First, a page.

|Dog Breed Group:||Non-Sporting|
|Height:||17 to 20 inches at the shoulder|
|Weight:||40 to 70 pounds|
|Life Expectancy:||12 to 15 years|
Chow Chows’ appearance is one of the most unique among all dog breeds. Often compared to a lion or a bear, they have a fluffy double coat, making them look bigger. Chows have a constant grumpy face and characteristic bluish-black tongue. Their straight hind legs give them an almost stilted gait. The tail is high set and curves over the back. The Chow Chow’s coat is either rough or smooth and comes in five different colors: red, black, cream, blue, and cinnamon, with red being the most popular.
Chows are notorious for their independence, which can become problematic without proper and consistent training and socialization. Chow Chows have a tendency to bond to their family and may be standoffish with strangers in most cases. Before taking your Chow Chow around children, be sure that your dog has been well socialized with children and the children have been carefully taught how to safely interact with dogs. Therefore, Chow Chows are more suitable in adult households and always be monitored when with kids.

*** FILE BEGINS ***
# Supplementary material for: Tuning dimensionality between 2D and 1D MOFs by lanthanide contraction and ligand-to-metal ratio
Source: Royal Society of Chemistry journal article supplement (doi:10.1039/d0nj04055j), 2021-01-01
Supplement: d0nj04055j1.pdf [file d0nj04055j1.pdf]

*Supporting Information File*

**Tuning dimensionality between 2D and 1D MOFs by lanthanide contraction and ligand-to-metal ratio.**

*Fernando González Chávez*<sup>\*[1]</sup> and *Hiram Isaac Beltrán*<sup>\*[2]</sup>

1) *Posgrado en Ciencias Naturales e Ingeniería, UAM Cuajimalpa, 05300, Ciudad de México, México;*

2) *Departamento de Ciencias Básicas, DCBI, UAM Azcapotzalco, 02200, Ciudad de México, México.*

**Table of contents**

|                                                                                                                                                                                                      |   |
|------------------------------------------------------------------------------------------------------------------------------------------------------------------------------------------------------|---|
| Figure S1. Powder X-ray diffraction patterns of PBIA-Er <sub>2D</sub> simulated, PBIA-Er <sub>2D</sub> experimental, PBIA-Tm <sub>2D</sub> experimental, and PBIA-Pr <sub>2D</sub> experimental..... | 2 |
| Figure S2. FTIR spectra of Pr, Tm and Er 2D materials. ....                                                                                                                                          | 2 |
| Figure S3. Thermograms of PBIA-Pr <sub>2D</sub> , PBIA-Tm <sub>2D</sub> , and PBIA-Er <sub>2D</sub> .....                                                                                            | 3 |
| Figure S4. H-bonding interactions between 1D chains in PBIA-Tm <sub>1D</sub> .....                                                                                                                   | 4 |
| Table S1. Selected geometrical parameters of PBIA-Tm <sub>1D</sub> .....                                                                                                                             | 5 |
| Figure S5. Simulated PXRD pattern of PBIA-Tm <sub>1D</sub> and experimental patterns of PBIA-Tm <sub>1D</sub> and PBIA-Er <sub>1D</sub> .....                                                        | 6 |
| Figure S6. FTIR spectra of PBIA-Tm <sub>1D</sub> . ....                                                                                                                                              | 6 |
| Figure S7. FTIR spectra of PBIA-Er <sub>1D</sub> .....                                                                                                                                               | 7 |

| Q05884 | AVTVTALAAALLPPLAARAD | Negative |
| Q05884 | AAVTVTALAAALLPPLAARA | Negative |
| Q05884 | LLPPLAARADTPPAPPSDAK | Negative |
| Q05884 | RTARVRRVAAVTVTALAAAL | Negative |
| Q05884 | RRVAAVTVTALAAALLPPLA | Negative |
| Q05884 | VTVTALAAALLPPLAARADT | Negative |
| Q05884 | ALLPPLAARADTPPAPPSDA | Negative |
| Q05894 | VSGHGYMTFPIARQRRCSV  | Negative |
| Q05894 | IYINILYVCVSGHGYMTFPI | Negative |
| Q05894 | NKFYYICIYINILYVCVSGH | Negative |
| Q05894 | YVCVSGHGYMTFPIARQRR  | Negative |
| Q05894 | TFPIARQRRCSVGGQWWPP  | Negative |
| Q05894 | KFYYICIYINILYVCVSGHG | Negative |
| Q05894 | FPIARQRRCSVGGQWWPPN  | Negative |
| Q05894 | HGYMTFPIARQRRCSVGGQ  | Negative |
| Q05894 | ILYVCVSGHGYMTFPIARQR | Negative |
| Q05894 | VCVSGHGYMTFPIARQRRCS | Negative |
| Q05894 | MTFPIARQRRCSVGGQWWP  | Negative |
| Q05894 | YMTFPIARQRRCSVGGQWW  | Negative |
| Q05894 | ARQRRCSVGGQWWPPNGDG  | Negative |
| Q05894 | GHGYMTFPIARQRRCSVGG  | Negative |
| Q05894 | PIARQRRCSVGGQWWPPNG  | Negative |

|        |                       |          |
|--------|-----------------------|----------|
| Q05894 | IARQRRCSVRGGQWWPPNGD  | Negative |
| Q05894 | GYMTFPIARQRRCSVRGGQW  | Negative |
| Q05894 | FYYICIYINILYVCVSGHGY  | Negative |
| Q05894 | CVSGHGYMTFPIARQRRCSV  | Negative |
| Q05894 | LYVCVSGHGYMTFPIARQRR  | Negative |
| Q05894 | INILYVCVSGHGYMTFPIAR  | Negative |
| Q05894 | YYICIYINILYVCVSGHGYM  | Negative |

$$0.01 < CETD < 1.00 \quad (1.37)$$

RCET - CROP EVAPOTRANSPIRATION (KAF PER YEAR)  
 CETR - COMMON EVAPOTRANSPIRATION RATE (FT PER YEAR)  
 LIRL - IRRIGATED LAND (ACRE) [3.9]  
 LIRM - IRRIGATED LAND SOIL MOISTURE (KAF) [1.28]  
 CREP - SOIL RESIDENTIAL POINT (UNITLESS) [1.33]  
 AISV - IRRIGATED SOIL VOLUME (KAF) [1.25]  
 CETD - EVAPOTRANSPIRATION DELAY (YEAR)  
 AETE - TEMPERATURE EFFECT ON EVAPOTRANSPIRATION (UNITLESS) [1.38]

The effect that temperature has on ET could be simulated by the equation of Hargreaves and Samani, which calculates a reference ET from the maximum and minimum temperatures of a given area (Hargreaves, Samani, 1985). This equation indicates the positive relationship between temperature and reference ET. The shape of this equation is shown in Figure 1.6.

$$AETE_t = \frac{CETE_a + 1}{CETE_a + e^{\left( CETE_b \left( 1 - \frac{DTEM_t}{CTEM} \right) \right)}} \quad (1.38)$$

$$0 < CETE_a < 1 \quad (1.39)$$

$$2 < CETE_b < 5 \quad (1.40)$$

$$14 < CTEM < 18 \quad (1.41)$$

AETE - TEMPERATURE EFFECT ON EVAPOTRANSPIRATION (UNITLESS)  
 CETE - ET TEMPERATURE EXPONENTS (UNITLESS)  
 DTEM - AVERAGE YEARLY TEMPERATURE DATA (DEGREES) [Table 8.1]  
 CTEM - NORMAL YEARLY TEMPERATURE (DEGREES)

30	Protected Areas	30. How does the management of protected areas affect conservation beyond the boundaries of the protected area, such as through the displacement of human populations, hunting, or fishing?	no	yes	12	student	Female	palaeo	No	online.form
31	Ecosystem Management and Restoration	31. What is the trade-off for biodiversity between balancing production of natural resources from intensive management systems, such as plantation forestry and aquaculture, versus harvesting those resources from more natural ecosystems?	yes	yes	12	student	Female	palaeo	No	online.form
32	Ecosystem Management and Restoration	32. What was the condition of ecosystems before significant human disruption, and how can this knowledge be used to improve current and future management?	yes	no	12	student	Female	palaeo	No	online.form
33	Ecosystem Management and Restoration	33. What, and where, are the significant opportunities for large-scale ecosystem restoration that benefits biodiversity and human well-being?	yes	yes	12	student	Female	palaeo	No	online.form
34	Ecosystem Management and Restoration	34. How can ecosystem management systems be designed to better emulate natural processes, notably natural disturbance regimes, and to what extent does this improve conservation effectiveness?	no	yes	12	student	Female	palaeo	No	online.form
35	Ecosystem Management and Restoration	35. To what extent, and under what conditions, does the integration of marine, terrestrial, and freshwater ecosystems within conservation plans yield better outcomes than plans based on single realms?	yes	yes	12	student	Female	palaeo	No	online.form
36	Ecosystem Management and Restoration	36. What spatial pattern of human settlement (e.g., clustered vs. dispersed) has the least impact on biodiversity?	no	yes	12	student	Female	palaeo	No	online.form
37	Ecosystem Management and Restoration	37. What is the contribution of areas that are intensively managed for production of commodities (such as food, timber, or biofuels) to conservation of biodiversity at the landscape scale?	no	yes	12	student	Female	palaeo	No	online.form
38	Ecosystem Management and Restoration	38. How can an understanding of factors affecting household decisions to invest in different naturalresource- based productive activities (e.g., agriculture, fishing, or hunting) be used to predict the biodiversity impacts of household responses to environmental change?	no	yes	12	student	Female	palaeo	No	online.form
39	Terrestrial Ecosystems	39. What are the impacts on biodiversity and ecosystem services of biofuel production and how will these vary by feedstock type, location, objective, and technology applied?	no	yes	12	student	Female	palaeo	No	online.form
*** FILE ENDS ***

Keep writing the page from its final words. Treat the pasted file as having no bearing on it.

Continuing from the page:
Chow Chow has a tendency to be very vocal when alarmed as they were bred for protection. While they can live comfortably in a small space, the biggest complaint about apartment living is their barking. Things like a shared yard or lots of voices in communal apartment space could set off your overactive burglar alarm.
The Chow Chow is one of the oldest breed, originated in Ancient China. They has been spotted on Chinese pottery dating as far back as the Han Dynasty. Chinese merchants first brought the Chow Chow to Europe in the 18th century and their popularity grow. Chow Chow made its way to America by the end of the 19th century.